Exclusive Interview: Todd Phillips on The Hangover Part II


Since his earliest films, Todd Phillips’ name has been one synonymous with R-rated comedy. Now, following the unprecedented success of The Hangover in 2009, Phillips stands in a greater position than ever to take on a Hollywood blockbuster with his self-described “punk rock aesthetic.”

Bringing back the Wolfpack of Phil (Bradley Cooper), Stu (Ed Helms) and Alan (Zach Galifianakis), The Hangover Part II moves the action from Las Vegas, Nevada to Bangkok, Thailand, upping the chances for a night on the town to go very, very wrong.

ComingSoon.net sat down with Phillips to talk about his return to the world of The Hangover and what it means returning not just for his first sequel, but having to follow up one of the most successful comedies of all time.

Please be aware, the below interview does contain some minor spoilers:

Comingsoon.net: Heading into this one, you don’t get to go for the same under-the-radar tactic. How does that change how you approach it?
Todd Phillips:
It was a daunting experience, certainly. You’re right that, on the one hand, you’re going up against the legacy or the legend of the first film. But, at the same time, it’s really liberating because I’ve never made a movie that I really knew people were going to see. Usually when I’m making a movie, it’s about getting these moments that are really funny, but I’m still going, “Jesus, this is hilarious, but is anyone going to see this movie?” So, in a weird way, I found the pressure was actually taken off me in that respect. For the first time, we’re making a movie that a lot of people are actually anticipating. It sort of takes a lot of pressure off.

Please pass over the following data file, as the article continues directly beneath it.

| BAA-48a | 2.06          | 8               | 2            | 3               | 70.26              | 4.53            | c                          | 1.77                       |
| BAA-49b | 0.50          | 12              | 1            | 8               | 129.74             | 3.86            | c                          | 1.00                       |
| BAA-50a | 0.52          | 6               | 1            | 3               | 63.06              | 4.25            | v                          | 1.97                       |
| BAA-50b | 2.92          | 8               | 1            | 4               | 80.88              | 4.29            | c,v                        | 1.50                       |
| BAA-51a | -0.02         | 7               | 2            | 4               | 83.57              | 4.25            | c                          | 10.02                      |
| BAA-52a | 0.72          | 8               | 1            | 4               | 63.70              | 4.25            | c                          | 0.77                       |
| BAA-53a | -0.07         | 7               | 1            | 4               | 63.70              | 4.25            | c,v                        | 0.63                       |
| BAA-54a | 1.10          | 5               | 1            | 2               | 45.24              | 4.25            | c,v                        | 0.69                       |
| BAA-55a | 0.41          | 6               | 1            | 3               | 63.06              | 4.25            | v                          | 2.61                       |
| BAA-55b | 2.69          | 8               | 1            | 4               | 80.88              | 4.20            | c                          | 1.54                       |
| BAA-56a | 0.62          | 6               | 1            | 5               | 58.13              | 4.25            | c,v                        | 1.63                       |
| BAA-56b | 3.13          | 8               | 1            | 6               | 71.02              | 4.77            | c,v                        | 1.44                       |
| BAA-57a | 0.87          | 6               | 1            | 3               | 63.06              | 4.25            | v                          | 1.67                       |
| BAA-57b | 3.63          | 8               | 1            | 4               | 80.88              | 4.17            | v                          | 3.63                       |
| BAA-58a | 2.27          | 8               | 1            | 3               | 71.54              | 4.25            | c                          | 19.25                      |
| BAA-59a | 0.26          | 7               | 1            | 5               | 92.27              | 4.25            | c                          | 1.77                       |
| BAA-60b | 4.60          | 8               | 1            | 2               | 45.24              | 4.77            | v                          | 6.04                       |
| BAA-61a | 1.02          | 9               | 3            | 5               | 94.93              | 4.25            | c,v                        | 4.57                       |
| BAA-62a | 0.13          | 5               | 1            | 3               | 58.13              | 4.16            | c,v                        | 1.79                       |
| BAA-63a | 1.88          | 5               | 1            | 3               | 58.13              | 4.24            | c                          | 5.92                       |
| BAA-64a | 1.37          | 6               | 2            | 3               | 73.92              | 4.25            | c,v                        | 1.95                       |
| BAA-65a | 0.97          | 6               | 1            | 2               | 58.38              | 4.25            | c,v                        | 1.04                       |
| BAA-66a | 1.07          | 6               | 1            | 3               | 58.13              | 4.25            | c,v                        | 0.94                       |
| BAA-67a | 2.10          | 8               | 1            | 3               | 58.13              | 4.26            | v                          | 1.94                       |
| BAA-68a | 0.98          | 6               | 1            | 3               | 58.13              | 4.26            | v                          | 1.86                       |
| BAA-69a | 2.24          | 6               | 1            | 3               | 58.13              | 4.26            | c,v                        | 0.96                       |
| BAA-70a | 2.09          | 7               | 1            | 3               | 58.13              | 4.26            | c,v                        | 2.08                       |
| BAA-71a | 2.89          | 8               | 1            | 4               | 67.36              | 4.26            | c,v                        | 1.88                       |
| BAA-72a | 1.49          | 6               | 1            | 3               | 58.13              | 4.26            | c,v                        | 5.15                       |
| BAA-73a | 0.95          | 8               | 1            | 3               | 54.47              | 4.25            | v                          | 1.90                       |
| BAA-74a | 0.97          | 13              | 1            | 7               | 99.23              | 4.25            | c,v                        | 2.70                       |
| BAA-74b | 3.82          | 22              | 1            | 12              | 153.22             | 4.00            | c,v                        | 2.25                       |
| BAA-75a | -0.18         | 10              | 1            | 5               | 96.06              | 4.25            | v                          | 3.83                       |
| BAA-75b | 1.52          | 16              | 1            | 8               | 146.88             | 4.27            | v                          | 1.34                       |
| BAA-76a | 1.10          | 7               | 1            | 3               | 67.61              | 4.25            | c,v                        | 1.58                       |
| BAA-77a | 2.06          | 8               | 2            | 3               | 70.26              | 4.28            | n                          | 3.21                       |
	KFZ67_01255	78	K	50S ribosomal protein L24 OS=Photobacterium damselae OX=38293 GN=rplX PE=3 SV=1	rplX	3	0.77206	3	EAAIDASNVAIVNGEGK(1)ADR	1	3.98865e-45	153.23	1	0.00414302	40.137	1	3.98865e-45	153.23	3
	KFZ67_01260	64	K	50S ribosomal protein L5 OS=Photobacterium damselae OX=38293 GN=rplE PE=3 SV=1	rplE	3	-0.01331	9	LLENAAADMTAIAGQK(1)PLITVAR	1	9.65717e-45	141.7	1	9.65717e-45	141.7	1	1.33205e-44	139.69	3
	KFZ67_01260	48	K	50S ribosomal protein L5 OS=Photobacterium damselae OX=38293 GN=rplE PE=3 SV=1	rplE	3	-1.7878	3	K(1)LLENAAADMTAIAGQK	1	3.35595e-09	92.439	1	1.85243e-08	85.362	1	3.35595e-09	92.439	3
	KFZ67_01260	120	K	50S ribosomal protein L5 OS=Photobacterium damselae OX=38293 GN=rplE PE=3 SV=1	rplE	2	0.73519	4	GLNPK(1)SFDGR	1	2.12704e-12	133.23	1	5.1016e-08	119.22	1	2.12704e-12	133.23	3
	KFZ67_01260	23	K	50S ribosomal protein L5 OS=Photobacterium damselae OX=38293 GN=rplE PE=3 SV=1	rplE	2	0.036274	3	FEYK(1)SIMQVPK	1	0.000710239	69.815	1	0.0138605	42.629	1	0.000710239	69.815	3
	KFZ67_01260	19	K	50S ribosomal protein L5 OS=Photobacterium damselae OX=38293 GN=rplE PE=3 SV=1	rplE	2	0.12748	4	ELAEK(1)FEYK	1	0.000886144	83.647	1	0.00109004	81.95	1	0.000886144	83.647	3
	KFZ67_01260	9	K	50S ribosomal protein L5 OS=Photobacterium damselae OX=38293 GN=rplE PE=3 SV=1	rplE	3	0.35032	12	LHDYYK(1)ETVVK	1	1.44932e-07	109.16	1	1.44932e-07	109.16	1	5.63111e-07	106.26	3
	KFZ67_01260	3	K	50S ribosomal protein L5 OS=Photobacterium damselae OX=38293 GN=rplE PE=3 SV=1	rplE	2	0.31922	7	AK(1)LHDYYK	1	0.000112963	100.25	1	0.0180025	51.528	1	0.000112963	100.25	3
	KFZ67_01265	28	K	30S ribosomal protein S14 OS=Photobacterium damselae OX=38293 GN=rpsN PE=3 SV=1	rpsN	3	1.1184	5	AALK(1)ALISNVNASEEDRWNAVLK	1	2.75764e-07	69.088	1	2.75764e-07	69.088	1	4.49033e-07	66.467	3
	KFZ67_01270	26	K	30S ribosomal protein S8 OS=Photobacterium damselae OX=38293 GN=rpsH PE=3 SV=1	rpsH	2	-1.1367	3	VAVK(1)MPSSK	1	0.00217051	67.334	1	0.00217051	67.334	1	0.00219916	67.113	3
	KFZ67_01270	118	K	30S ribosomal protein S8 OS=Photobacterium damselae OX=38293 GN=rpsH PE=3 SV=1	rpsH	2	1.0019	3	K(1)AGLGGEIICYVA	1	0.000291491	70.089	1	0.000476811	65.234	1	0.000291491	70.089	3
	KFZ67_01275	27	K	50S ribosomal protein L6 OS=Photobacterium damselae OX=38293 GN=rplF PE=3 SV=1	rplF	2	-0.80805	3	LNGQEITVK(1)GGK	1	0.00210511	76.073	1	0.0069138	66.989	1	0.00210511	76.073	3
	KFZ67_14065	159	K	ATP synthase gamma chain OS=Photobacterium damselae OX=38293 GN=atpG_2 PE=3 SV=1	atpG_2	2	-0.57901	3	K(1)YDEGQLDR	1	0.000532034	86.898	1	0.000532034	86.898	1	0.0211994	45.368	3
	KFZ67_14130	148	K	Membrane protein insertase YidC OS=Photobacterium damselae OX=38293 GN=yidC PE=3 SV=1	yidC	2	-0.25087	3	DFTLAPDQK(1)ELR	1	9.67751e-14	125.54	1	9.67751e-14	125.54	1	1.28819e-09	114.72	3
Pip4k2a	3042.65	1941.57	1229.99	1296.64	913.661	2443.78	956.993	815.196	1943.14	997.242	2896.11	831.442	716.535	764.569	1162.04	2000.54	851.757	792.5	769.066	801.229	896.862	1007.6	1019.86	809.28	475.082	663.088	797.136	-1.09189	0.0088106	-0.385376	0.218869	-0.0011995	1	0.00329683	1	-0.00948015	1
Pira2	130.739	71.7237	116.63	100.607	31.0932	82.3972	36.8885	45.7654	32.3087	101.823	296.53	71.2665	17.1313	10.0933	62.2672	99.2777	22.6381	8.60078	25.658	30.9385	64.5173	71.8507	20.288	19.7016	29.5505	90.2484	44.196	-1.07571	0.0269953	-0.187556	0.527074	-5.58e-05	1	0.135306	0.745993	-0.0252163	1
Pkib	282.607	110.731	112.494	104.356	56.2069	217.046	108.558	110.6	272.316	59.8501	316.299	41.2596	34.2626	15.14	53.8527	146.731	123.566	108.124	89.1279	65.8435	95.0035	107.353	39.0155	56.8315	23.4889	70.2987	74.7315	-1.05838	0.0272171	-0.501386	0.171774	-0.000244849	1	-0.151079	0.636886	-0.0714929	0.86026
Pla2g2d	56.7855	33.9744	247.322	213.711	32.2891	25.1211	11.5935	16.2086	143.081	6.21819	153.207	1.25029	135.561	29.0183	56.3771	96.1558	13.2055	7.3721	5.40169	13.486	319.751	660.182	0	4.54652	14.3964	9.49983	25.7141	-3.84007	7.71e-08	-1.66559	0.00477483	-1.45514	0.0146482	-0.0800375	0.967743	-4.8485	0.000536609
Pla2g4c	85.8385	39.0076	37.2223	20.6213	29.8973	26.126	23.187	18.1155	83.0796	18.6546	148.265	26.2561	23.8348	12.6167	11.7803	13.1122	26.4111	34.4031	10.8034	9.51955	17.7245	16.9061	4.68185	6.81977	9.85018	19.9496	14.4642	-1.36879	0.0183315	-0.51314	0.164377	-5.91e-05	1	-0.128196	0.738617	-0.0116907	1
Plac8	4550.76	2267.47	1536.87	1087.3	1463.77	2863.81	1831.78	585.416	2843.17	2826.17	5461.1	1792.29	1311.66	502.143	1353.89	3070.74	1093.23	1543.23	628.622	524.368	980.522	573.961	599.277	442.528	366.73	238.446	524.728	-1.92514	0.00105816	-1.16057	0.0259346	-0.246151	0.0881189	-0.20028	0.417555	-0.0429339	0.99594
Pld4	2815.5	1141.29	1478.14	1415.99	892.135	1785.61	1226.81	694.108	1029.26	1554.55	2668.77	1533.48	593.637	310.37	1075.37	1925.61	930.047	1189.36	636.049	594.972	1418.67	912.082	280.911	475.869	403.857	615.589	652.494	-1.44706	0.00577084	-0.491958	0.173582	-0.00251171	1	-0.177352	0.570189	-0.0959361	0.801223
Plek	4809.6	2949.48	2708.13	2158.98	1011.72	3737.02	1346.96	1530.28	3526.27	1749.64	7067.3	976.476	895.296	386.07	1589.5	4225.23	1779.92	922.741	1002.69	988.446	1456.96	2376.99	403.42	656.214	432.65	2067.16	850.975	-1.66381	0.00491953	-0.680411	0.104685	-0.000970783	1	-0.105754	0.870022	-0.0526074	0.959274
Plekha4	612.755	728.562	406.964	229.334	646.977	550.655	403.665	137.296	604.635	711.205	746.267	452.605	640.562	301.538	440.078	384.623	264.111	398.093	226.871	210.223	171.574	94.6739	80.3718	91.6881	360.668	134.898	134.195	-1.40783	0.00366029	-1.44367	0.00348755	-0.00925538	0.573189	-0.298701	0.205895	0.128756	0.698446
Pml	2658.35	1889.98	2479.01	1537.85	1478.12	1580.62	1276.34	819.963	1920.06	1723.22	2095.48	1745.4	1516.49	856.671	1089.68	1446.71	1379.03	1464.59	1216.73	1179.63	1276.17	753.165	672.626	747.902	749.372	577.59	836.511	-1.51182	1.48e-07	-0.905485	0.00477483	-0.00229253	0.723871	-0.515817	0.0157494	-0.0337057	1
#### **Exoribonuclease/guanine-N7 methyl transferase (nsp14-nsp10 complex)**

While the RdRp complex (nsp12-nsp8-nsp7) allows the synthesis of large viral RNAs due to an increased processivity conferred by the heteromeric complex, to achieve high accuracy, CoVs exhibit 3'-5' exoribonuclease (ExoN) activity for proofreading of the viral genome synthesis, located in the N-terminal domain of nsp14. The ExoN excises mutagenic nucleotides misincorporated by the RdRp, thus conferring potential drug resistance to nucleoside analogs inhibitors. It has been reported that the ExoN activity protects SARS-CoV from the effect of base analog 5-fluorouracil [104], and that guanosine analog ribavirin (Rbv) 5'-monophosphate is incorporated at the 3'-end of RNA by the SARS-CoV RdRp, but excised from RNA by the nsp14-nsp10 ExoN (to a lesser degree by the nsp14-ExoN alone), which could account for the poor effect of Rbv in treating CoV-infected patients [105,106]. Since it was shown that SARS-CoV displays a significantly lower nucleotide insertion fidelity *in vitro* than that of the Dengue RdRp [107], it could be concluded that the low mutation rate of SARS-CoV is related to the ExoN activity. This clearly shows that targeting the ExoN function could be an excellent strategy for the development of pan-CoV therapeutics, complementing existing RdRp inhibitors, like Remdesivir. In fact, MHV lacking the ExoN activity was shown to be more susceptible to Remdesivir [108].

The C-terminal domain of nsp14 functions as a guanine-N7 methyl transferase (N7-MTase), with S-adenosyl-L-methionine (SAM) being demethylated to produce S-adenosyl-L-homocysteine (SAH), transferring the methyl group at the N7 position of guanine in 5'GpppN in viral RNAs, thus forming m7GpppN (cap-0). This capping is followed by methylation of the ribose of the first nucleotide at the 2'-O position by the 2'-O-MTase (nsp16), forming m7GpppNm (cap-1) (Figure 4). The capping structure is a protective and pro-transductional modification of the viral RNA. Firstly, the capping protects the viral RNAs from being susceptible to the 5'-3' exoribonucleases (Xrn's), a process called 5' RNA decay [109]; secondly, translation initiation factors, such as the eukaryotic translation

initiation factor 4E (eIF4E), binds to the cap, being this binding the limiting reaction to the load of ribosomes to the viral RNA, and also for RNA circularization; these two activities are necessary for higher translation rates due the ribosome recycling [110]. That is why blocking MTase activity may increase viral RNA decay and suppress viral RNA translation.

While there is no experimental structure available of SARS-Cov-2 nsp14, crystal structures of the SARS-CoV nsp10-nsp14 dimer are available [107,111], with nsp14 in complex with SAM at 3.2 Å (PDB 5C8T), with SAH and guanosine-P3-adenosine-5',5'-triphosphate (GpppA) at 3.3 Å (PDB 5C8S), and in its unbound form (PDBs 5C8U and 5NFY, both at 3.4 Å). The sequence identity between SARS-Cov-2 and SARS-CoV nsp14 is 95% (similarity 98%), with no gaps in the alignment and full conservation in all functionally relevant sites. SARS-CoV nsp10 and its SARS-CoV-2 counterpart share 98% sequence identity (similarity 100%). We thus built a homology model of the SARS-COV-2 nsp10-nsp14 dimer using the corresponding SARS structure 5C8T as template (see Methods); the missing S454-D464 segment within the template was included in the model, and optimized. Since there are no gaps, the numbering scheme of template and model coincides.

CS: It feels like Vegas was, in a way, a safety net for the characters in that there’s an “anything goes” attitude about the city. You screw up there and there’s sort of wink and all is forgiven. You screw up in Bangkok and you’re going to die.
(laughs) Yeah, there’s a few reasons we chose Bangkok, but one of them is that we wanted to up the danger. We wanted to up the consequence and the stakes. It’s also a little bit more mysterious to these guys. It’s not that familiar and they don’t speak the language. There are all these elements that made it a little more of a scary proposition.

CS: Did you want to up the realism as well?
Oh yeah. We try to infuse in these movies — even as absurd as our situations are with the characters — a sense of it being grounded in reality. That may sound funny because the movies are so absurd, but, underneath it all, there’s a foundation of very real feeling. We do that in the way we shoot and the sets and the clothing. We do that so we can play against that reality when the s–t hits the fan. But Bangkok was another place we chose just because it really sounds like trouble. You say “Las Vegas” and it just sounds like trouble. There’s only a few cities where you say the name of the city and it sounds like trouble. You say “Bangkok” and you go, “Oh boy. They’re going to make some bad, bad decisions there.” Bangkok, like Las Vegas, sounds like a place where you make bad decisions.

CS: Has the place always fascinated you? Weren’t there rumors, years ago, that an “Old School” sequel might go there?
No, that was never rumor, was it? That certainly was never something we were exploring. Bangkok was, for me, a place that I hadn’t been. I obviously went a million times in researching this, but I hadn’t been before. But it is a place that always intrigued me, yeah.